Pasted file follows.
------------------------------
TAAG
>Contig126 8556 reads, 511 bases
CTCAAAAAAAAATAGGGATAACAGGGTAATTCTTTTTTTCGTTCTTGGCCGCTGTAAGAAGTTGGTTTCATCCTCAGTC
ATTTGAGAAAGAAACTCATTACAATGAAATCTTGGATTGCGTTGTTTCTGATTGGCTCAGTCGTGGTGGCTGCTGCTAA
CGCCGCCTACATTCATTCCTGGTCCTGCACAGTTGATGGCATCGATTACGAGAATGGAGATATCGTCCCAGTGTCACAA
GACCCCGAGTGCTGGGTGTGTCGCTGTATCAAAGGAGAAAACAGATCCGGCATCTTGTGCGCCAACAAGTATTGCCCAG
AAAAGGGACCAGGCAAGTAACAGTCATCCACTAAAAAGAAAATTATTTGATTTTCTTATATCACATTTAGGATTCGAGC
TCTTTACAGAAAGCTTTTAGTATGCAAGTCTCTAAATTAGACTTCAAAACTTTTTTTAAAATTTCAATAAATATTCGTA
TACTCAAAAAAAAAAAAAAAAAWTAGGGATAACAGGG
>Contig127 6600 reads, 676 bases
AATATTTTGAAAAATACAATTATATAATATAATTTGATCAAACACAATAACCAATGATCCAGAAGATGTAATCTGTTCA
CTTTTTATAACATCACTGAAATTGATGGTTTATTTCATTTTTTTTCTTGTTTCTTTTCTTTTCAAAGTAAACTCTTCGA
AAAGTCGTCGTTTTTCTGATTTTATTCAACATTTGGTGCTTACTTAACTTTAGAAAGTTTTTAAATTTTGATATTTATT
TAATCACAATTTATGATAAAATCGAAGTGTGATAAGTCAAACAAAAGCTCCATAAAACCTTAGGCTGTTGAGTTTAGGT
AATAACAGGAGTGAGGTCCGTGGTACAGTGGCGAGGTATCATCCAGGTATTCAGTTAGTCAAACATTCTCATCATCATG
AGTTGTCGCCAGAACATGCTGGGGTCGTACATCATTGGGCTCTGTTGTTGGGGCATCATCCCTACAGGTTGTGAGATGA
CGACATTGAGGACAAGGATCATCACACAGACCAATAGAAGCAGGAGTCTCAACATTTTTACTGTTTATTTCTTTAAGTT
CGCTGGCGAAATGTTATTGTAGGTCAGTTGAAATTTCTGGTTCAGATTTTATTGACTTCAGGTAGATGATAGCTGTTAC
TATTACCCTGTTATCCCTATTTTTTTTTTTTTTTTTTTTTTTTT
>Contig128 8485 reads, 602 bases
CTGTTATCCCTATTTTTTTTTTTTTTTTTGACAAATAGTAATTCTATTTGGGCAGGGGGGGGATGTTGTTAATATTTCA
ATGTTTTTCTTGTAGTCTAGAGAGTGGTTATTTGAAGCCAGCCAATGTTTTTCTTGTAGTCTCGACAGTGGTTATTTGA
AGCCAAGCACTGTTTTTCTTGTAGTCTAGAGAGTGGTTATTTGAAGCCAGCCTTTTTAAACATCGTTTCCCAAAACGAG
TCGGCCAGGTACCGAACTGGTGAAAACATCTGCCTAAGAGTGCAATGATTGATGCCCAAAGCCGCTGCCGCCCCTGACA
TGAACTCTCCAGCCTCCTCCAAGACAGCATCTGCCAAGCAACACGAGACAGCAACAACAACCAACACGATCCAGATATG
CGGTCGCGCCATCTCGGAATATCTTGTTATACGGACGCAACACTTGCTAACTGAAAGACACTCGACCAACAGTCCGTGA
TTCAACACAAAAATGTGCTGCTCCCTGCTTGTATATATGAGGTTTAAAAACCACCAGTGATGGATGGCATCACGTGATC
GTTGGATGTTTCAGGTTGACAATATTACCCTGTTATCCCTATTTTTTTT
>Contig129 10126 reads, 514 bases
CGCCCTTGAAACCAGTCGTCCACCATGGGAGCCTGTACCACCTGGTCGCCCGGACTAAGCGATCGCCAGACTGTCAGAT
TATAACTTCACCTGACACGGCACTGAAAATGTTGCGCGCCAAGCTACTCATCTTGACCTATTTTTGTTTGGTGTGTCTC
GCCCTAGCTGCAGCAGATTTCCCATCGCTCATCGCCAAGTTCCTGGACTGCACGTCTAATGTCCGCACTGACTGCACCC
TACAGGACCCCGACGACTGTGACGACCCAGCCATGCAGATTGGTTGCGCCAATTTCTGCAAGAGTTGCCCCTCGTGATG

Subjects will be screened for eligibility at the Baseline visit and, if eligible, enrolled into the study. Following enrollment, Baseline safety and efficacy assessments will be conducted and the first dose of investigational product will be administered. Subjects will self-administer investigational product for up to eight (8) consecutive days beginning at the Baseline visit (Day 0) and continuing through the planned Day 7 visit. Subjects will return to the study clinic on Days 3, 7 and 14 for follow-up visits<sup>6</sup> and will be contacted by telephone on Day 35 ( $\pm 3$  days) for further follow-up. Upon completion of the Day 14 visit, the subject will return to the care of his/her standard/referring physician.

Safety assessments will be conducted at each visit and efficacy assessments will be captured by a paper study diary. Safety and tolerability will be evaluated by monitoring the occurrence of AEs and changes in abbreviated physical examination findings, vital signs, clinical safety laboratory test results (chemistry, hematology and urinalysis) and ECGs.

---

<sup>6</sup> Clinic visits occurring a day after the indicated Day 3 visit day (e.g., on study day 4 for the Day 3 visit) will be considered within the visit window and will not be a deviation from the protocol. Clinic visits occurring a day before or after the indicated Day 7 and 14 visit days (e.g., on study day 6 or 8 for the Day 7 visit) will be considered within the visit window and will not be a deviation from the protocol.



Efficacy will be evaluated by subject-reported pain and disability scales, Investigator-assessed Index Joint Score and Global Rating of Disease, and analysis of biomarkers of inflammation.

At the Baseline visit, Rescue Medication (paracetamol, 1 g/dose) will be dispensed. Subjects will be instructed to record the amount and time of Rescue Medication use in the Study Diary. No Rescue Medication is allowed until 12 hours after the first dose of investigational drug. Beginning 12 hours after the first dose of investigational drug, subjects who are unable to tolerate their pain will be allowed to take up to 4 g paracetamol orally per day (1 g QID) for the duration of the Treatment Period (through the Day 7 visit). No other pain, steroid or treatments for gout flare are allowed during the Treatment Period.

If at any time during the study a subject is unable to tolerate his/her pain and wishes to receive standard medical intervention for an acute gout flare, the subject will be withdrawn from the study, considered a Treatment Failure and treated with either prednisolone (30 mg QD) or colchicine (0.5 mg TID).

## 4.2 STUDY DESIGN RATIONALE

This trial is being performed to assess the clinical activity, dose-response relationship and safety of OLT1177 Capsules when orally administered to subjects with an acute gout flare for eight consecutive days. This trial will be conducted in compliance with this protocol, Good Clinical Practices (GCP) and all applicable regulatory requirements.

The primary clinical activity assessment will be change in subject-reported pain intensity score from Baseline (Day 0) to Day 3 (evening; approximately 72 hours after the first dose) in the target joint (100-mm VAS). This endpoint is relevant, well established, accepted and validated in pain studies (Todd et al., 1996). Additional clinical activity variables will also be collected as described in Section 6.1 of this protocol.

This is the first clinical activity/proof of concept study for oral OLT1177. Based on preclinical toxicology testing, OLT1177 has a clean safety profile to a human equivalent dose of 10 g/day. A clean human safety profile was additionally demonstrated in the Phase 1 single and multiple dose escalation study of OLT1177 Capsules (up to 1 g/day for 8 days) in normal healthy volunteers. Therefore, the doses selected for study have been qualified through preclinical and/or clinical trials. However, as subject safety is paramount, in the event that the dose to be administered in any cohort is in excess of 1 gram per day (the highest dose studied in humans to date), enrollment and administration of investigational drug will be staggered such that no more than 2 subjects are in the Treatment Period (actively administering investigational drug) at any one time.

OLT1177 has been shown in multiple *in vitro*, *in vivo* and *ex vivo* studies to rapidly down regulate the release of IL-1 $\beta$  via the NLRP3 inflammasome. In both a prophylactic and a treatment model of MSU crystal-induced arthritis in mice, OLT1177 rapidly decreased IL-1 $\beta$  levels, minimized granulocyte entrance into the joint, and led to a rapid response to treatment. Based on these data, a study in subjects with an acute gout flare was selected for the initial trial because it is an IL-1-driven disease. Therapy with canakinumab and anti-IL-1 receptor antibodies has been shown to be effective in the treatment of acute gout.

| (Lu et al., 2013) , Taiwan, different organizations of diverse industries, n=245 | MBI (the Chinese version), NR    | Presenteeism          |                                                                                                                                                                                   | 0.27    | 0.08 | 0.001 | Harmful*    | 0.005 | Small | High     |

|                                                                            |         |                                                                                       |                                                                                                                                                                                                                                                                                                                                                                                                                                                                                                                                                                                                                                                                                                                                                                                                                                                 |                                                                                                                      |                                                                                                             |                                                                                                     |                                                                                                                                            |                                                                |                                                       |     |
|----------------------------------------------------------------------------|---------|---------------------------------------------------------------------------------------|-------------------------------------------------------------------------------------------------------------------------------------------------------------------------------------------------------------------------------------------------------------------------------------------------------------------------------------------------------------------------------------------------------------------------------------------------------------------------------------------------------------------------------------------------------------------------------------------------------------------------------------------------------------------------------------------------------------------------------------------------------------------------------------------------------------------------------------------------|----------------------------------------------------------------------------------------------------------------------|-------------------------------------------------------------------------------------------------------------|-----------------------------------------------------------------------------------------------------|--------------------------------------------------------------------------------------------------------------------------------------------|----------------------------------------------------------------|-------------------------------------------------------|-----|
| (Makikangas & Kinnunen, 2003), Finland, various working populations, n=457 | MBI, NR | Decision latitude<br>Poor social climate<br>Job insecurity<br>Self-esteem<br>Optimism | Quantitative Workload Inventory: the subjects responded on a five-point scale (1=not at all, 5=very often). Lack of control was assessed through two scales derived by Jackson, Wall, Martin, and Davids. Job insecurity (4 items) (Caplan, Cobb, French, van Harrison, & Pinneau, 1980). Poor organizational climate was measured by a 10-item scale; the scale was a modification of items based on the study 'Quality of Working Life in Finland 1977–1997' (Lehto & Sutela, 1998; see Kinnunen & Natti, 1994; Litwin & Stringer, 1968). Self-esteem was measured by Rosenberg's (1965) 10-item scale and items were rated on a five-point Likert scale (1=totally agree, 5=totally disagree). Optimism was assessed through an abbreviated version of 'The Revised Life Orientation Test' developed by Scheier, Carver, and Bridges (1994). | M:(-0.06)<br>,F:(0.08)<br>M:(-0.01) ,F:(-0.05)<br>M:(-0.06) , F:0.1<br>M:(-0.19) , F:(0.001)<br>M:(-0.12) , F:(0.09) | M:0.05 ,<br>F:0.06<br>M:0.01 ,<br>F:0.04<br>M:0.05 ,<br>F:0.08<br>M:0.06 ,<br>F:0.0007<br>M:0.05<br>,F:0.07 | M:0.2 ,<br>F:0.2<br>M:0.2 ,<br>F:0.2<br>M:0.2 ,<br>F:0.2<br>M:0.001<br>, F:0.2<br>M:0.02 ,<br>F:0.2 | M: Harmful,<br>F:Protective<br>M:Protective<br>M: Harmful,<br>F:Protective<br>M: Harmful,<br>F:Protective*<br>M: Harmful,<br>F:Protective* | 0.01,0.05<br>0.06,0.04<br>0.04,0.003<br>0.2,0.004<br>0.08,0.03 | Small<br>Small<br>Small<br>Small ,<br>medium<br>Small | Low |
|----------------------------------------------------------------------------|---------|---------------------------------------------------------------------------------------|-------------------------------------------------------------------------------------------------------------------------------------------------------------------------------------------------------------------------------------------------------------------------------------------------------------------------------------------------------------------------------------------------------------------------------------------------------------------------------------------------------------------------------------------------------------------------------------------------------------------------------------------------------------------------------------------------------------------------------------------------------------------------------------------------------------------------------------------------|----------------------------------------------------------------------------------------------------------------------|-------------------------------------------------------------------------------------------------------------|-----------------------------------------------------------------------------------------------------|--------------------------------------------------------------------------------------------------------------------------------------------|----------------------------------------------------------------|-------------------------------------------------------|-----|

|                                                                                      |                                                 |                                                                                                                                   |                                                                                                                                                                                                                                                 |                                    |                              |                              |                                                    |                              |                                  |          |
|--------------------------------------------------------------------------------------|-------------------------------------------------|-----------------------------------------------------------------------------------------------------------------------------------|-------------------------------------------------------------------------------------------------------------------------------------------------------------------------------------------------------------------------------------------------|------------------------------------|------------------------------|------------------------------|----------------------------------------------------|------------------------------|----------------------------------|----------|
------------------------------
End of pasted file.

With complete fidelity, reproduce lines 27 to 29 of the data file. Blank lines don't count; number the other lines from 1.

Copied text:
TTCAACACAAAAATGTGCTGCTCCCTGCTTGTATATATGAGGTTTAAAAACCACCAGTGATGGATGGCATCACGTGATC
GTTGGATGTTTCAGGTTGACAATATTACCCTGTTATCCCTATTTTTTTT
>Contig129 10126 reads, 514 bases